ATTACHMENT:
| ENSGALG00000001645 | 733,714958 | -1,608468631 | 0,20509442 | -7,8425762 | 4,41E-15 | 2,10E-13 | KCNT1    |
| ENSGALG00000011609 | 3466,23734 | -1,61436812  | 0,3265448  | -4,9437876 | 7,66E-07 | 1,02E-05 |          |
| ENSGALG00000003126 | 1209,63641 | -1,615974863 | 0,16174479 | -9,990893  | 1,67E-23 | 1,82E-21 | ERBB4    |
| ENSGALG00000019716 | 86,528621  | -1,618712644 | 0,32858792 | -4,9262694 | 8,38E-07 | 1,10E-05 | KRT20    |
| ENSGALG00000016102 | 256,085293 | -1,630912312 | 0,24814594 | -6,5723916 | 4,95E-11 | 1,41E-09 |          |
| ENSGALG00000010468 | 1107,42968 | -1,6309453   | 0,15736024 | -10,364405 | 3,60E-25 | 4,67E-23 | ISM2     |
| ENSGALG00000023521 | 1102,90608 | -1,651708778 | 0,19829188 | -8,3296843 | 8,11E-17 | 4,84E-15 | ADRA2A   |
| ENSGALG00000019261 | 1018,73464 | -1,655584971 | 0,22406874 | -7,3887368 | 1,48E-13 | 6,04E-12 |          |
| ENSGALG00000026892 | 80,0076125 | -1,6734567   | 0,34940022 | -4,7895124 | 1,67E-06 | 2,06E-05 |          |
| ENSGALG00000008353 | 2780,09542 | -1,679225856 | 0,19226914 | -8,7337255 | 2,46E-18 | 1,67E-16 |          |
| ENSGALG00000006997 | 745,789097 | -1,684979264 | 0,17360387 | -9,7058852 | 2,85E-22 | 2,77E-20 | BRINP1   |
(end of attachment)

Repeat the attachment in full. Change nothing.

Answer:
| ENSGALG00000001645 | 733,714958 | -1,608468631 | 0,20509442 | -7,8425762 | 4,41E-15 | 2,10E-13 | KCNT1    |
| ENSGALG00000011609 | 3466,23734 | -1,61436812  | 0,3265448  | -4,9437876 | 7,66E-07 | 1,02E-05 |          |
| ENSGALG00000003126 | 1209,63641 | -1,615974863 | 0,16174479 | -9,990893  | 1,67E-23 | 1,82E-21 | ERBB4    |
| ENSGALG00000019716 | 86,528621  | -1,618712644 | 0,32858792 | -4,9262694 | 8,38E-07 | 1,10E-05 | KRT20    |
| ENSGALG00000016102 | 256,085293 | -1,630912312 | 0,24814594 | -6,5723916 | 4,95E-11 | 1,41E-09 |          |
| ENSGALG00000010468 | 1107,42968 | -1,6309453   | 0,15736024 | -10,364405 | 3,60E-25 | 4,67E-23 | ISM2     |
| ENSGALG00000023521 | 1102,90608 | -1,651708778 | 0,19829188 | -8,3296843 | 8,11E-17 | 4,84E-15 | ADRA2A   |
| ENSGALG00000019261 | 1018,73464 | -1,655584971 | 0,22406874 | -7,3887368 | 1,48E-13 | 6,04E-12 |          |
| ENSGALG00000026892 | 80,0076125 | -1,6734567   | 0,34940022 | -4,7895124 | 1,67E-06 | 2,06E-05 |          |
| ENSGALG00000008353 | 2780,09542 | -1,679225856 | 0,19226914 | -8,7337255 | 2,46E-18 | 1,67E-16 |          |
| ENSGALG00000006997 | 745,789097 | -1,684979264 | 0,17360387 | -9,7058852 | 2,85E-22 | 2,77E-20 | BRINP1   |